Feline lymphoma or feline lymphosarcoma is a tumor that's generally seen in varying forms in older cats. Although feline leukemia virus (FeLV) is the main cause of lymphoma in younger cats, the feline aids virus (FIV) increases the risk of developing feline lymphoma.
Feline lymphoma commonly originates in three parts of the body. Since lymphocytes or lymph tissues are present everywhere in a cat's body, lymphoma can occur anywhere and include various organs.
3 Forms of Feline Lymphoma
- The multicentric form
- The mediastinal form
- The alimentary form
Multicentric Feline Lymphoma
The multicentric form occurs in cats infected with feline leukemia virus. It involves the peripheral lymph nodes with occasional involvement of the spleen or liver. As the lymphoma advances, malignant cells and hepatosplenomegaly may develop.
Mediastinal Feline Lymphoma
This lymphoma includes the infection of the thymus, anterior and posterior lymph nodes and the chest cavity. The mediastinal form of feline lymphoma is also associated with feline leukemia.
This form is seen in the gastrointestinal tract of the pet. The tumors present are from B-lymphocytes in the lymphoid tissue. The small intestines and stomach are commonly infected with tumors. Tumors can also cause intestinal obstruction as they progress.
Diagnosis of Lymphoma
Cats exhibit symptoms of lymphoma based on the organs involved or the form of lymphoma. The diagnosis includes tests such as thoracic radiographs, abdominal radiographs, ultrasounds and bone marrow analysis. Cats will also be tested for FeLV and FIV to obtain a correct diagnosis for appropriate treatment options. Urine analysis and complete blood count tests are conducted in most cats suffering from lymphoma. It's very important to detect the severity of lymphoma and the accompanying organs that are infected. B cells or T cells are lymphocytes present in a cat's body. During the diagnosis, tests are conducted to determine the type of cells involved in lymphoma.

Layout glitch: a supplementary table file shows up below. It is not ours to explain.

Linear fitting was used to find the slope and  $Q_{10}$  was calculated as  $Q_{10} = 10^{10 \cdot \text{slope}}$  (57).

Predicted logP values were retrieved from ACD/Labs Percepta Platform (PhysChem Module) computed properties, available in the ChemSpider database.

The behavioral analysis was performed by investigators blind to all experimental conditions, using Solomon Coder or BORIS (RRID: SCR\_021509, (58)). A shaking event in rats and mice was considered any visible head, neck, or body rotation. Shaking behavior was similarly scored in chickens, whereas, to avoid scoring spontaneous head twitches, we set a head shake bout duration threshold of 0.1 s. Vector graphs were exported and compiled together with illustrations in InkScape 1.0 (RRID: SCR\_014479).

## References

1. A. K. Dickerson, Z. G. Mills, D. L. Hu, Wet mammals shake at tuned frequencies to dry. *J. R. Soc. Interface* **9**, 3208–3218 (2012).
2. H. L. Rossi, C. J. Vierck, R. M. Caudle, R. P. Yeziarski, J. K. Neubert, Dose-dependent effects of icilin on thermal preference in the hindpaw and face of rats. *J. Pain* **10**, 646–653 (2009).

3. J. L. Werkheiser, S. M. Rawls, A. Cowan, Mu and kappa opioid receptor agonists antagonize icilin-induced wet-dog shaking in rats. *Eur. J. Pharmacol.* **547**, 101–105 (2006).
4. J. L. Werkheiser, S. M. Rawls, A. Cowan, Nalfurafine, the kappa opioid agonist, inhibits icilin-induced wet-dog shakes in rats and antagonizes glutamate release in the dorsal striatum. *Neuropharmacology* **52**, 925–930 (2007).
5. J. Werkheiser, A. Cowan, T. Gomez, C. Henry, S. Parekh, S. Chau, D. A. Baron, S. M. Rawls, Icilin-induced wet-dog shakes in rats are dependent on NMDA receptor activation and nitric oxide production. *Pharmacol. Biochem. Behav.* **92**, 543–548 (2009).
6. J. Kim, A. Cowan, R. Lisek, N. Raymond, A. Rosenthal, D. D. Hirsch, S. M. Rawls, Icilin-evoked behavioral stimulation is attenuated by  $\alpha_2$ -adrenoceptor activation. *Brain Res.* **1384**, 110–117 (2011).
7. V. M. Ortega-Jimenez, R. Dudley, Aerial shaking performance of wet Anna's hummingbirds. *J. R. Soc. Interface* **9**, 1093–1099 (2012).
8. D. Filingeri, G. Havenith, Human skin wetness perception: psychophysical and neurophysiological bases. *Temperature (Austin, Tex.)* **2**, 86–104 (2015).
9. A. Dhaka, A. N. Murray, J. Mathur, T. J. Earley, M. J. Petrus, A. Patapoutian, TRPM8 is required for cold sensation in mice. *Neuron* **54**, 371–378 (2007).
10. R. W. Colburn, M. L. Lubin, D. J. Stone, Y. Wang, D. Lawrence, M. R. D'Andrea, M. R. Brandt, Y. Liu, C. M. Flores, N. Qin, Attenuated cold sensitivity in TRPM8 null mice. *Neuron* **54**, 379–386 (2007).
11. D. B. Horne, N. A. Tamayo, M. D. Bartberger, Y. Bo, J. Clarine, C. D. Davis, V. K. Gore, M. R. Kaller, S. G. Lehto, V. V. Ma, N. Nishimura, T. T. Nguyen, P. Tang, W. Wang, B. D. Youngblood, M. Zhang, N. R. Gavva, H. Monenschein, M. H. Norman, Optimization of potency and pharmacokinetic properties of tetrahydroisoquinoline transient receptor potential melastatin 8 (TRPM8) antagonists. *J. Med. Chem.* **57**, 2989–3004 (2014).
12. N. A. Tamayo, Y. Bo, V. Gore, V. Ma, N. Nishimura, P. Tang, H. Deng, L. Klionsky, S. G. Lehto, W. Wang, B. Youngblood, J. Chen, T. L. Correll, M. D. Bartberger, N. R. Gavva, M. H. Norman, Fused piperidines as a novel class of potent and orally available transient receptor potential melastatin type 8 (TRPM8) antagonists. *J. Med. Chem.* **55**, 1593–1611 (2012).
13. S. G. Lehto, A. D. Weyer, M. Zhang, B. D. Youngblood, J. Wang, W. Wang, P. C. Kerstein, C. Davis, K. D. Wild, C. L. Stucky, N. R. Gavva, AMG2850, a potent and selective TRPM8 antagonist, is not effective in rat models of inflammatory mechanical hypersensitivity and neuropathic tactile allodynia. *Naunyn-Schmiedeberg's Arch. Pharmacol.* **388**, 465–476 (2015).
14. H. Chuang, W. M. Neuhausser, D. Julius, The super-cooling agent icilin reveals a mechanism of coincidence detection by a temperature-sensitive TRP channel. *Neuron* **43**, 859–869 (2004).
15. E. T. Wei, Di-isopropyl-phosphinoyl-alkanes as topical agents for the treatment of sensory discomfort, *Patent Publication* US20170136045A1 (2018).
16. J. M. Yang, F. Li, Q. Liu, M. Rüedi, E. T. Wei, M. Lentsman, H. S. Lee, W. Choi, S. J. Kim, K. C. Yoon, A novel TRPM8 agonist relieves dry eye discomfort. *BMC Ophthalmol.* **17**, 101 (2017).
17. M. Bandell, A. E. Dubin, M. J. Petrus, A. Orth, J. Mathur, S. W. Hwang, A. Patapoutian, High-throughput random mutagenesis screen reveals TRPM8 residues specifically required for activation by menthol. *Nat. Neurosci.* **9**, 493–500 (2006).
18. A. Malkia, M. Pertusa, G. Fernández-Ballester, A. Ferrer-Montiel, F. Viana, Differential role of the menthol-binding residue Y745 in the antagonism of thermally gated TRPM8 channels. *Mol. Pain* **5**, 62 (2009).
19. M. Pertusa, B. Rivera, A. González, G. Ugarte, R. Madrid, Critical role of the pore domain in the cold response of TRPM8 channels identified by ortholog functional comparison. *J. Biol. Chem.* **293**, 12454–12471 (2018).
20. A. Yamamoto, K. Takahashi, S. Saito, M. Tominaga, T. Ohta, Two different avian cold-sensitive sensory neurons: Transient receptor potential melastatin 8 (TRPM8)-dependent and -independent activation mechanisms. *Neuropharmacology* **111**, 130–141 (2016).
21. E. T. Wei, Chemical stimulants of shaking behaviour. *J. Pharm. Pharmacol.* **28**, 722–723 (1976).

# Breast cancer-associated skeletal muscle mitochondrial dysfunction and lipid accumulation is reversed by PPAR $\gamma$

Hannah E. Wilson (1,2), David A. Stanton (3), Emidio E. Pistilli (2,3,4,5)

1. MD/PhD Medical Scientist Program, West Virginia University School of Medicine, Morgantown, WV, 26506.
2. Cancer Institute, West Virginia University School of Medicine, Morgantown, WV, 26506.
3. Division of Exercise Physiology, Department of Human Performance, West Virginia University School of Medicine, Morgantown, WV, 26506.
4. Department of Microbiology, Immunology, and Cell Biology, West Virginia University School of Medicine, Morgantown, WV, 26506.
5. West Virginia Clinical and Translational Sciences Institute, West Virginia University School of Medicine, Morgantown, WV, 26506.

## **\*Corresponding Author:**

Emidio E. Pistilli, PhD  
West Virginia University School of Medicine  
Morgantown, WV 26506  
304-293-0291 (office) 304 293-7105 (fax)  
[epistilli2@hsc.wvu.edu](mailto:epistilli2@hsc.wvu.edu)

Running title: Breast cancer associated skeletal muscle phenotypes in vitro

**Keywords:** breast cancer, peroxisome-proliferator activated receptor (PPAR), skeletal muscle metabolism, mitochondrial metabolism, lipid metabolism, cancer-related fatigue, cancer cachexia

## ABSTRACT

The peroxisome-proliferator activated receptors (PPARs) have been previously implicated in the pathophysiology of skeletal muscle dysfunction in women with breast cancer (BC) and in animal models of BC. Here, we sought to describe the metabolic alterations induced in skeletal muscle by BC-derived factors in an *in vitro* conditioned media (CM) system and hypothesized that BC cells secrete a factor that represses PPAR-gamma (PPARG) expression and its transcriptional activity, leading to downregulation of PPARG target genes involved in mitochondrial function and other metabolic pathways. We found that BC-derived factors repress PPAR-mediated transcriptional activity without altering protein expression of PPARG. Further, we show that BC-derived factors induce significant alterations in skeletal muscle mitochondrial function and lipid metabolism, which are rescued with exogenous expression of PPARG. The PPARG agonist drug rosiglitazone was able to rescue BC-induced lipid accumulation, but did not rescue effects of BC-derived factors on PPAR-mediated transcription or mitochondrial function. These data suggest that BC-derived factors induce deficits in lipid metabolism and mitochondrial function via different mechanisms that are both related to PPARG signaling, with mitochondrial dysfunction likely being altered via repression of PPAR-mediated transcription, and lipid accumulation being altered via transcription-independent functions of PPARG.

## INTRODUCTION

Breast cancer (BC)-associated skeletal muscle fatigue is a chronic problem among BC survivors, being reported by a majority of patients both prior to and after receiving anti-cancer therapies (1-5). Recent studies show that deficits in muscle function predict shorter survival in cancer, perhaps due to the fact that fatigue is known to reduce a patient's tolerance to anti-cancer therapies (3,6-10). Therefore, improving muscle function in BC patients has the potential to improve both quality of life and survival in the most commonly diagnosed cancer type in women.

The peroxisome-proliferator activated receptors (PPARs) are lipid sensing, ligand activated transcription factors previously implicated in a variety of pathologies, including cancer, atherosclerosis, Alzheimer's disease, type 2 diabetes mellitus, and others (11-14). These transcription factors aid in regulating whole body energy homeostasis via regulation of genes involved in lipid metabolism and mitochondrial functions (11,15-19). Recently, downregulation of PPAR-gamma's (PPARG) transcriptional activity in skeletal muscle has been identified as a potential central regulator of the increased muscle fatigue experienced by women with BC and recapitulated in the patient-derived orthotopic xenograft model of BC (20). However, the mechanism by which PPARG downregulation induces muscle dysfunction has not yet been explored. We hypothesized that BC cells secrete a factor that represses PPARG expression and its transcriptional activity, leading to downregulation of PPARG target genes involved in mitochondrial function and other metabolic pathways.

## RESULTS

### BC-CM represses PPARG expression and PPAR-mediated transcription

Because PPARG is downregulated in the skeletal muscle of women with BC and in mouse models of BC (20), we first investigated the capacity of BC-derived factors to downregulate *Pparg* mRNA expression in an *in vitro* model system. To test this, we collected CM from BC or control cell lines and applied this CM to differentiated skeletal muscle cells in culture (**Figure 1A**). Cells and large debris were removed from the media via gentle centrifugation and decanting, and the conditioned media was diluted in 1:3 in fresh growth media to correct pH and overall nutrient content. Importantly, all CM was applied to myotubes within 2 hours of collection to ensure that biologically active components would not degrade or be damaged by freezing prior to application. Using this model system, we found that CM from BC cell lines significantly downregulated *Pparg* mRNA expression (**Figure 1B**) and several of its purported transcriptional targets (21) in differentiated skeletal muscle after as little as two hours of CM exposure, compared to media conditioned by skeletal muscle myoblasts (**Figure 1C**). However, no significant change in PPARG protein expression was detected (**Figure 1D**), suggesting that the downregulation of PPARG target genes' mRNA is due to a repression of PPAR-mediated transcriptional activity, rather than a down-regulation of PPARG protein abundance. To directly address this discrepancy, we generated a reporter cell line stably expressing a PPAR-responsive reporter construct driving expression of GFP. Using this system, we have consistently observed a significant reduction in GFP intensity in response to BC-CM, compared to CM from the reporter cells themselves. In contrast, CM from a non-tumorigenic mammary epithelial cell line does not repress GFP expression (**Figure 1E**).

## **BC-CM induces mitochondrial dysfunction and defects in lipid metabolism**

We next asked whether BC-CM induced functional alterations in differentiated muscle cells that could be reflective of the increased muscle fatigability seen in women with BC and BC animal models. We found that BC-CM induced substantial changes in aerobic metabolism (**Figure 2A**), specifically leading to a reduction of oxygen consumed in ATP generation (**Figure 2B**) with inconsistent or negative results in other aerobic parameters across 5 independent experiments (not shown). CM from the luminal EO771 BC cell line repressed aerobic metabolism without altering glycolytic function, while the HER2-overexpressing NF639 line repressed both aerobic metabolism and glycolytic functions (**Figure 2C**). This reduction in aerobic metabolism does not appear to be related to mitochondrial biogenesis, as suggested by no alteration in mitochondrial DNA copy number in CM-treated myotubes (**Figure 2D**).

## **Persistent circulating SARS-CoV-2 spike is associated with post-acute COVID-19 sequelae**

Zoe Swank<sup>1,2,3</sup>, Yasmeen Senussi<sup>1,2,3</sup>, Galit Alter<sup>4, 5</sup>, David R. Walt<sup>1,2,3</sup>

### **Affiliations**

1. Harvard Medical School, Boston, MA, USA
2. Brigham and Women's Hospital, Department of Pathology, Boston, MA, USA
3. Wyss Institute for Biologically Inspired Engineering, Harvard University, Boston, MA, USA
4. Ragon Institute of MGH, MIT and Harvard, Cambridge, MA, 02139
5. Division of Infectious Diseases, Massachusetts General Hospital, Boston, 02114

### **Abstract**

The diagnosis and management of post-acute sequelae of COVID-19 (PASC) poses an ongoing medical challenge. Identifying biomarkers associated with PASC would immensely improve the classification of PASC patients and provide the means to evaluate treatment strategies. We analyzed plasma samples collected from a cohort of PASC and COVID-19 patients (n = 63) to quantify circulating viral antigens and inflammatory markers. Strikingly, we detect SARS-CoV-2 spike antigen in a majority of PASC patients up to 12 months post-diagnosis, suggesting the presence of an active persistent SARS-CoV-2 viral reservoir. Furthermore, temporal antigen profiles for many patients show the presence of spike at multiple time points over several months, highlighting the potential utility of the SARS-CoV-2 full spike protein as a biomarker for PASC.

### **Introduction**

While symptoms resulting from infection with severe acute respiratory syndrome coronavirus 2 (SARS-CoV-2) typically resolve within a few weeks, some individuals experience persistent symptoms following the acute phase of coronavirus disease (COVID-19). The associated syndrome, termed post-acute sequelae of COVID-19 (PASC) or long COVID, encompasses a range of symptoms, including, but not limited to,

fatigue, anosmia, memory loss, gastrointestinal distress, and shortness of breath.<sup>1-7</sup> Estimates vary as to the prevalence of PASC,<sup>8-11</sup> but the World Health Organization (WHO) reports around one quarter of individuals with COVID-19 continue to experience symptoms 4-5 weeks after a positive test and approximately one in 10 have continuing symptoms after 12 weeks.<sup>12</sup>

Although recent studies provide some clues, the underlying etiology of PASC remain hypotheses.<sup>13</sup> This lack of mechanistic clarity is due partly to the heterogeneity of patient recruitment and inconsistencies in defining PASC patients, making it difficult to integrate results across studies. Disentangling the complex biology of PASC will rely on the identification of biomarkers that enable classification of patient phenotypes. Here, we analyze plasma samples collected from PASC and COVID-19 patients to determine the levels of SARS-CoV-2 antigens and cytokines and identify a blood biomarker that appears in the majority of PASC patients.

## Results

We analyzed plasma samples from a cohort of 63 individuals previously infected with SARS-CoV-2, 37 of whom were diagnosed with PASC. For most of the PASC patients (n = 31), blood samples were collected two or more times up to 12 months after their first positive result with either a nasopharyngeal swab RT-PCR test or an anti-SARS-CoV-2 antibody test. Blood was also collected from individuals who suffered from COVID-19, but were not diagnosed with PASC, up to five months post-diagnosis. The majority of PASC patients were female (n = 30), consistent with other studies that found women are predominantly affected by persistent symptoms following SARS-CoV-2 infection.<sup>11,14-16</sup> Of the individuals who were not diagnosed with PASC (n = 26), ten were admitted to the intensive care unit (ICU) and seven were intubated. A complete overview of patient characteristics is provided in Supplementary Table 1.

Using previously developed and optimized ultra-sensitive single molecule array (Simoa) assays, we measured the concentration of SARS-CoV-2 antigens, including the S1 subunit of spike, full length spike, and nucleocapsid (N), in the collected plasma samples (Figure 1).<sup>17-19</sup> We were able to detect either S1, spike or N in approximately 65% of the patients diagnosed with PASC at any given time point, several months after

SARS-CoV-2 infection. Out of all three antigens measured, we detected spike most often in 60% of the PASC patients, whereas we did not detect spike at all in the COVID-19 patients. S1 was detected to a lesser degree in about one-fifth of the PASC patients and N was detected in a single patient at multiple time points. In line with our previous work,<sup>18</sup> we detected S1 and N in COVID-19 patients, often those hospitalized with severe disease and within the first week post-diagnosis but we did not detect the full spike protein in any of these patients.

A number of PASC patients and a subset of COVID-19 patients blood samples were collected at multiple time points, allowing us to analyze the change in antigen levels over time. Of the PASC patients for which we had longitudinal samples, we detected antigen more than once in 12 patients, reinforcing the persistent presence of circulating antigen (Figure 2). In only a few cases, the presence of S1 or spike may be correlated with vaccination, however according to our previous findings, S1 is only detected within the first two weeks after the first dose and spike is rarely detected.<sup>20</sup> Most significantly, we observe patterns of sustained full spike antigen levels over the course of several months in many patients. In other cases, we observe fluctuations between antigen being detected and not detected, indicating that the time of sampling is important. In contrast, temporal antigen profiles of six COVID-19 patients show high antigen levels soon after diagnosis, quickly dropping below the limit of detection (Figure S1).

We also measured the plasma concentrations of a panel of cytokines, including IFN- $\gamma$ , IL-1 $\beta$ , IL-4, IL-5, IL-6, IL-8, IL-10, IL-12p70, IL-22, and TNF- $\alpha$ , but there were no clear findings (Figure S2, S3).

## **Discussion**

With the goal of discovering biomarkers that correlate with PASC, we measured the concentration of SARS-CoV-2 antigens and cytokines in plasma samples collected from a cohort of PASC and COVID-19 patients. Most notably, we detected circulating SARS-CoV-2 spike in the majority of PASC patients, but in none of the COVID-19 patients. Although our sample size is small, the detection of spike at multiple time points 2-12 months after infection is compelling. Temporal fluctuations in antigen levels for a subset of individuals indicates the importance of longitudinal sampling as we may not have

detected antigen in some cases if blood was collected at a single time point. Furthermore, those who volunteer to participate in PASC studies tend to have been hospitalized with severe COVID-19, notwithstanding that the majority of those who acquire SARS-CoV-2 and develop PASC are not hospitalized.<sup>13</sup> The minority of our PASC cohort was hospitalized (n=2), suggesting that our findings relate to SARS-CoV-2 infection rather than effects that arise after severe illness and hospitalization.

Treatment of Cat Lymphoma
Lymphoma in cats is treated with chemotherapy. The duration of chemotherapy and the chance of successful treatment depend largely on the results of the tumor biopsy and the diagnostic tests. Cats generally respond well to chemotherapy and it could bring them relief within 48 hours. The result of chemotherapy varies in each individual cat. Most cats are able to survive for nearly 9 months on chemotherapy. Cats suffering from FeLV aren't likely to have a good prognosis.
Drugs Used in Chemotherapy
Cats may feel uncomfortable during chemotherapy. The duration of chemotherapy may be adjusted or changed based on the cat's response to the drugs. Surgery may be necessary in some cats. Surgery is then followed by chemotherapy for a positive outcome. Lymphoma that exists in localized areas of the body may also be treated with radiation therapy.
Although the treatment options can increase chances of survival, there isn't a vaccination or antibody available that can prevent feline lymphoma from occurring.